The present study is a subgroup selection of 229 individuals among those 10,000 people, based on the aim of the study, and are divided in six groups: 1—control group (normal BP/normal FBS) 2—pre-diabetic individuals 3—diabetic individuals 4—pre-hypertensive individuals 5—hypertensive patients and 6—patients with combined hypertension and diabetes. The sample size was selected based on a previous study in which serum SIRT1 levels was measured [19]. There was 40 people in each group except for the sixth group in which there was 26 individuals (Given that we excluded patients who received treatment for their diseases, we couldn’t find more subjects with both hypertension and diabetes). Diabetic and pre-diabetic individuals were selected based on the guideline of the American diabetes association: for the present study every individual who had FPG  ≥  126 mg/dl at the time of recruitment (provided that the HbA1c is more than 6.5%) was considered as diabetic. Those with FPG between 100 and 125 mg/dl were considered pre-diabetic. Participants with FPG ≥ 126 mg/dl explored for the first time were recalled and HbA1c was checked, and if HbA1c was more than 6.5% confirmed the presence of diabetes. Pre-hypertensive people had systolic blood pressure (SBP) between 120 and 139 mm Hg and/or diastolic blood pressure (DBP) between 80 and 89 mm Hg. Hypertensive people had SBP ≥ 140 mm Hg and/or DBP ≥ 90 mm Hg [4]. All patients taking anti-diabetic or anti-hypertensive drugs, those with obesity and abnormal blood lipids were excluded from the study to avoid the probable adverse effects of medication or other metabolic disorders on the serum level of Klotho and SIRT1. Mean arterial pressure (MAP) was calculated by the formula: MAP = DBP + 1/3(SPB-DBP). Control group were participants who had normal blood pressure, blood sugar and lipids. The groups were similar in terms of gender and age distribution (see Table 1).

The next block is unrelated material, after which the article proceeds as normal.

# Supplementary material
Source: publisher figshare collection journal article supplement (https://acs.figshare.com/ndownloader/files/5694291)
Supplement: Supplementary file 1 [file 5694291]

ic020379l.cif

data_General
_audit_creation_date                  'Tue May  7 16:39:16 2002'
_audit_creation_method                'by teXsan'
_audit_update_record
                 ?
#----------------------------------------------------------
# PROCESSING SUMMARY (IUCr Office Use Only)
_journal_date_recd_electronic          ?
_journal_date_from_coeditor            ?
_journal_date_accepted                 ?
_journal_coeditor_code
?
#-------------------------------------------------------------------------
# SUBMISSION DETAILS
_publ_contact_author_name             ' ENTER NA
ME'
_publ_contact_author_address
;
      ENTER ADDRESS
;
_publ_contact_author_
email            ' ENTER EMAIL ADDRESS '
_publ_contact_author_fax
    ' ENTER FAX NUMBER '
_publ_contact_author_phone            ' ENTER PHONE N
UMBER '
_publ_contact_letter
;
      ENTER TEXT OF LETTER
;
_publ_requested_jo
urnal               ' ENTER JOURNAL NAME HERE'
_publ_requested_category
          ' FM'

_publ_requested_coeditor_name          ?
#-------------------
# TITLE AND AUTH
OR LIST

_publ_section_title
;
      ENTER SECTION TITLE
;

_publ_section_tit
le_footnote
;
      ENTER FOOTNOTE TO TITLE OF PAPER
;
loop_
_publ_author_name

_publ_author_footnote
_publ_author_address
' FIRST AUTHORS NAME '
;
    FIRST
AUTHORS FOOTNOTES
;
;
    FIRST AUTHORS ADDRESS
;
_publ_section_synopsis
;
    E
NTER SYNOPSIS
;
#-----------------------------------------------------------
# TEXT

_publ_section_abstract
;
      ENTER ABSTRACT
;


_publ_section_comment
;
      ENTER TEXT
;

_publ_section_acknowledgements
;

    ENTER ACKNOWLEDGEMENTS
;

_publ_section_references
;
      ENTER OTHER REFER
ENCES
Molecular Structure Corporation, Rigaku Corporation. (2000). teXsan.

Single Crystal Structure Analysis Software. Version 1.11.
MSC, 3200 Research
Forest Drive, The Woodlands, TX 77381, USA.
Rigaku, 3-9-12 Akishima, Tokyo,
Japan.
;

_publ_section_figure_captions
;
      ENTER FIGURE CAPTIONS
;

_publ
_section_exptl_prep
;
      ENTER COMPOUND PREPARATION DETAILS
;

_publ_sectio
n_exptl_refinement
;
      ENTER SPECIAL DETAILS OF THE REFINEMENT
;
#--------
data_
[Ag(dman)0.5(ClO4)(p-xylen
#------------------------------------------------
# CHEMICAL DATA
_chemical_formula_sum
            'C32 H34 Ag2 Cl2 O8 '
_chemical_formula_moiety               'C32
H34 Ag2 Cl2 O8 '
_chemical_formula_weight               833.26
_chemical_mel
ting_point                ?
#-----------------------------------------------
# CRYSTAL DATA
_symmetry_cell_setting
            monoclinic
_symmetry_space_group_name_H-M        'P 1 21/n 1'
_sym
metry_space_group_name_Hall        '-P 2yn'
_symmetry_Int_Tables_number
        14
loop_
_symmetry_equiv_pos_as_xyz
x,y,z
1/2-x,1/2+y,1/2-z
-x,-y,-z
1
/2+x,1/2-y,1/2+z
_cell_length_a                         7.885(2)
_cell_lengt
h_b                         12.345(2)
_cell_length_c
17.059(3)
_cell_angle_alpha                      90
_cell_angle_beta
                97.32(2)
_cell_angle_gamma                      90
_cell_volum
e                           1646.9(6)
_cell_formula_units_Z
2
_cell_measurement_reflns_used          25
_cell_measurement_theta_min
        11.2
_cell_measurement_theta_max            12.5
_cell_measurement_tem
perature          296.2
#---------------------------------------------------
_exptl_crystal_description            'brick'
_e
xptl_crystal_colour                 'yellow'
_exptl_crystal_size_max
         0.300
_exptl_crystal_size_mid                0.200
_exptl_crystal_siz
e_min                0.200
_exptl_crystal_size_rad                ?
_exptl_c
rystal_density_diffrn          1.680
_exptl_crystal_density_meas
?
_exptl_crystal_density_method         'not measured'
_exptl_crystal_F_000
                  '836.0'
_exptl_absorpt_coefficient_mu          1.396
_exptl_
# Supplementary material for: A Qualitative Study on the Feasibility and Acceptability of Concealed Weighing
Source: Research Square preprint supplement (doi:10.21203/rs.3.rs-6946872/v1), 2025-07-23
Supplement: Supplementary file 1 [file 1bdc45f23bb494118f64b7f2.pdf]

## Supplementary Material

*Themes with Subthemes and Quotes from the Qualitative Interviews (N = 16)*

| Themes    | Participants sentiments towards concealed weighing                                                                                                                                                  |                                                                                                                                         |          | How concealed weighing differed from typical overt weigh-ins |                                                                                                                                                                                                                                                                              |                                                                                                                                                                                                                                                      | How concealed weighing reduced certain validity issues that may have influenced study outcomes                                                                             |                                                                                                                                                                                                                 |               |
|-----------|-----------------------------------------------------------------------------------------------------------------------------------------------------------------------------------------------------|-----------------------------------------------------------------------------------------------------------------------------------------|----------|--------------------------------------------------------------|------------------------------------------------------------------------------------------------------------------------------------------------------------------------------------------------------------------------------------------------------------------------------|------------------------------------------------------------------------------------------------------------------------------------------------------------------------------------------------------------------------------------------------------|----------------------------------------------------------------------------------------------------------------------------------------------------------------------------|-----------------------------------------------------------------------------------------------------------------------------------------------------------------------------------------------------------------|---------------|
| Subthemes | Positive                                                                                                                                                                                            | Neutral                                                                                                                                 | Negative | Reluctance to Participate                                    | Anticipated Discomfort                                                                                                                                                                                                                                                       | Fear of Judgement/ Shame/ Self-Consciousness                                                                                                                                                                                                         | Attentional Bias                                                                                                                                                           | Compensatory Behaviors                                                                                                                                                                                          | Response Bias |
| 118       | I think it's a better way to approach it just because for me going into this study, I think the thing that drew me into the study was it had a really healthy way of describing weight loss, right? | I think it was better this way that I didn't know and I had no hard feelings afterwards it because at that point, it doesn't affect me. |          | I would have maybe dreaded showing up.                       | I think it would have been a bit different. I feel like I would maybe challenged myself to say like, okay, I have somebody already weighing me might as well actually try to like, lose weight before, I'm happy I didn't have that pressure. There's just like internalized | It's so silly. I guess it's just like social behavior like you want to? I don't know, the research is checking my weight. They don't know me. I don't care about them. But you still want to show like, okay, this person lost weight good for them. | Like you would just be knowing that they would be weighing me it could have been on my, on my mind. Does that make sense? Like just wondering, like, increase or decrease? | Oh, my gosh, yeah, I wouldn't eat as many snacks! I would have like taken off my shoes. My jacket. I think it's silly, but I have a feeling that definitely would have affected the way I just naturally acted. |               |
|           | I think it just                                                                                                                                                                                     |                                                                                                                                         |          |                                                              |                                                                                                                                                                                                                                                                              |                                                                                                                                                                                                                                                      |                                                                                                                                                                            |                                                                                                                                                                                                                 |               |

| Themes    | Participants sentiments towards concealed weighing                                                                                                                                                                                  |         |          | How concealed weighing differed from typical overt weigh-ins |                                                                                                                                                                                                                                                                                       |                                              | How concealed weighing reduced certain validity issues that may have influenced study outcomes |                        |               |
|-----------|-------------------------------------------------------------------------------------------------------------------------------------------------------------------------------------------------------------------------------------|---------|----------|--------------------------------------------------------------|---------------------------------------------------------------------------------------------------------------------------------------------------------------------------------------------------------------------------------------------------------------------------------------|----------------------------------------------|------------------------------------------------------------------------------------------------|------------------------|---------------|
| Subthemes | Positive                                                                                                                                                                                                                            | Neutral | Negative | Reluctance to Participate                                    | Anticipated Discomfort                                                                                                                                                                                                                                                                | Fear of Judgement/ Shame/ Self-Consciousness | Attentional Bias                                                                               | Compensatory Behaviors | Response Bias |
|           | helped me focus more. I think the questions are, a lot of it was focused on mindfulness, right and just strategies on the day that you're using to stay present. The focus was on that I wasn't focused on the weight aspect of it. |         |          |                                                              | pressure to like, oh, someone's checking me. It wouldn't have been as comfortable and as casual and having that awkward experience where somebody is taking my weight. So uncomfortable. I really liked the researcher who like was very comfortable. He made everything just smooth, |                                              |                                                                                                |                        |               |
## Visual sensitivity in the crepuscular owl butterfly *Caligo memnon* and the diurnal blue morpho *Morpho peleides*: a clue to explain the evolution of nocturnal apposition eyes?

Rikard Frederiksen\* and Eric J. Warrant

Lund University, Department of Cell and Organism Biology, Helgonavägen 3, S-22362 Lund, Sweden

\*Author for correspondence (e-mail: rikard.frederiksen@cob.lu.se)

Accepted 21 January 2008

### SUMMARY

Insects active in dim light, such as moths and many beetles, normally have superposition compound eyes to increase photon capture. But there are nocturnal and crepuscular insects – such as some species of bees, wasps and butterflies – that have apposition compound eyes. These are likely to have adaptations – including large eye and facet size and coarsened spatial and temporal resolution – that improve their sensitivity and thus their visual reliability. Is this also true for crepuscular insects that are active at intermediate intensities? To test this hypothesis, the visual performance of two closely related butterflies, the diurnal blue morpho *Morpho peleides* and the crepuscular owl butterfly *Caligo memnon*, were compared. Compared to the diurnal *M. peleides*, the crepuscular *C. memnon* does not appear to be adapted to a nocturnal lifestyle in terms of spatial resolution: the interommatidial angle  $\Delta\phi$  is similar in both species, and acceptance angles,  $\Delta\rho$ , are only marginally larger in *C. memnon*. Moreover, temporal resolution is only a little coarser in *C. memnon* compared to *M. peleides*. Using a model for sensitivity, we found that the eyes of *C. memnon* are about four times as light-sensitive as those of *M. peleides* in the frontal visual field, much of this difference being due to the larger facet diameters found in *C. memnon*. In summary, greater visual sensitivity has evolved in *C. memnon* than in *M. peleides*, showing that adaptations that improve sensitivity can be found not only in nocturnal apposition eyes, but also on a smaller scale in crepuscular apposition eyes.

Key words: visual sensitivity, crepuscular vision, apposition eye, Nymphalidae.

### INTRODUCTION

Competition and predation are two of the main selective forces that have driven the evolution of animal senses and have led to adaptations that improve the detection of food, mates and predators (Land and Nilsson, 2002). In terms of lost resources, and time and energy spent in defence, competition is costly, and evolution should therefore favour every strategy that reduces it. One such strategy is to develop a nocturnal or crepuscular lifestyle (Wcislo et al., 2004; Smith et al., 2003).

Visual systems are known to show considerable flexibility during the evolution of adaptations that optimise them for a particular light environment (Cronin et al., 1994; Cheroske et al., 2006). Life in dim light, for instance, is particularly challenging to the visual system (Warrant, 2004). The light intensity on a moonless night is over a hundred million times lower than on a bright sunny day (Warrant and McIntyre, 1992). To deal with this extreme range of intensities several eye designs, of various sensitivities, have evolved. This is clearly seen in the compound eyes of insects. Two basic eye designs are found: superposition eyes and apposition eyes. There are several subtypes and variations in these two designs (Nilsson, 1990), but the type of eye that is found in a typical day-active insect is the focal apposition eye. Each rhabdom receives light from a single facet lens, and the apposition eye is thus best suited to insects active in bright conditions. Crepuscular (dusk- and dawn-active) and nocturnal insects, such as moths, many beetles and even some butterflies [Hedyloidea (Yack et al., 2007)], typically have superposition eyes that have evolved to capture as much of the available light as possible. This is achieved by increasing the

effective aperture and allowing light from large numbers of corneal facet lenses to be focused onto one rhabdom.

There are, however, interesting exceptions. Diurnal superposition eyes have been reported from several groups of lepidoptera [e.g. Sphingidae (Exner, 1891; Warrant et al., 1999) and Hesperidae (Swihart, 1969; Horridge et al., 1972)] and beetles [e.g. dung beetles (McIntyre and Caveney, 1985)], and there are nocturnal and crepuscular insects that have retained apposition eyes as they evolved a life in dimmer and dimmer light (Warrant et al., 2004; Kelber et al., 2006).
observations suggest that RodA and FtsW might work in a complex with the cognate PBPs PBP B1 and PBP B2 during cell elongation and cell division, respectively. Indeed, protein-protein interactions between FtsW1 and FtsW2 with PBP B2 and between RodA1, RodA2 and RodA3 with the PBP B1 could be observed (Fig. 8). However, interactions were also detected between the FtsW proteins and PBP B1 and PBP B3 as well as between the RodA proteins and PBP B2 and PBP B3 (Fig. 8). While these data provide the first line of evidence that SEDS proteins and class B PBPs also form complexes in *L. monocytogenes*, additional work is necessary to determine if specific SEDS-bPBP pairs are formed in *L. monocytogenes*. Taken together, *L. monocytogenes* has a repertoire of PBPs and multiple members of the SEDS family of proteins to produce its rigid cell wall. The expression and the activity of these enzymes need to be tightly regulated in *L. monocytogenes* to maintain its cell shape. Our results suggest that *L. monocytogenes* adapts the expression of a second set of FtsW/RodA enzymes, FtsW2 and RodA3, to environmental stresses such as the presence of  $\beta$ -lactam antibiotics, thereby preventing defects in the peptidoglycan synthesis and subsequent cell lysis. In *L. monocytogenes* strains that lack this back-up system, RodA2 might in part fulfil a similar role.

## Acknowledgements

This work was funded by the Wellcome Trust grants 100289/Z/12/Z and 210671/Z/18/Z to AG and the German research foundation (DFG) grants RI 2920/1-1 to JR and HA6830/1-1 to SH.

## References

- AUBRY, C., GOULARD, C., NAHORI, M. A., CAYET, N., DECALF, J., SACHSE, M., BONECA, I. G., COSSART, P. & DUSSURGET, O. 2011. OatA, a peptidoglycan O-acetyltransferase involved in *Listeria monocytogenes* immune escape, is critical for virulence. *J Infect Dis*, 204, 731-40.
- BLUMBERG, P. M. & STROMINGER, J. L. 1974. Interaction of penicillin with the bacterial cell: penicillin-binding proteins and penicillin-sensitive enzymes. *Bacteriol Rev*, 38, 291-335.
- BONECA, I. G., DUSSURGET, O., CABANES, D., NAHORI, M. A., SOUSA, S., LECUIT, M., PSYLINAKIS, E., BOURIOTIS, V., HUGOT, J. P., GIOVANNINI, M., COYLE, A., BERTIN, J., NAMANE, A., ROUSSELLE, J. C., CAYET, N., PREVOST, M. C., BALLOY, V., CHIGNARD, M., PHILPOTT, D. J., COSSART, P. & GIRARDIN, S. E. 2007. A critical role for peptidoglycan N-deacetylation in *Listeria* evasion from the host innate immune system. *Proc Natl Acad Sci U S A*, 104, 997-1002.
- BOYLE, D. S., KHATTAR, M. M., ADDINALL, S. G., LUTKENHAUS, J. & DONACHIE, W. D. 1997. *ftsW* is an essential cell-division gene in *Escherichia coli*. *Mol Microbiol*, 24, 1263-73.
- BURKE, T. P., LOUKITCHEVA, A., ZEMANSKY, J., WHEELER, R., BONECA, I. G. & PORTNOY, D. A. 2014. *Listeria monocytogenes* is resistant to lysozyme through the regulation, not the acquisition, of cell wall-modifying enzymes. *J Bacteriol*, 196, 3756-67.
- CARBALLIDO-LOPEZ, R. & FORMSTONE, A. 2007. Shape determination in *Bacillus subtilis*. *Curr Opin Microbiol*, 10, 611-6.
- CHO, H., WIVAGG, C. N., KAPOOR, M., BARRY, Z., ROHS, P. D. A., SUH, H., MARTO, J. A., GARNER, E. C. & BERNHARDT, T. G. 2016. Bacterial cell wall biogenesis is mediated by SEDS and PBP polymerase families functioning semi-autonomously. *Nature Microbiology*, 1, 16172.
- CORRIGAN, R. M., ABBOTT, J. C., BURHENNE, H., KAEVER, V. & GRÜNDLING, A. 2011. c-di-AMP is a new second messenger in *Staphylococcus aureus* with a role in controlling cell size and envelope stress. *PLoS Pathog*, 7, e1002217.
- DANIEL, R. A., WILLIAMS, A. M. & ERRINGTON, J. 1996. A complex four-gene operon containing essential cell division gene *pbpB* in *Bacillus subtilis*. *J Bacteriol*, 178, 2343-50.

Table 1 Clinical and demographic characteristics of individuals in different study groups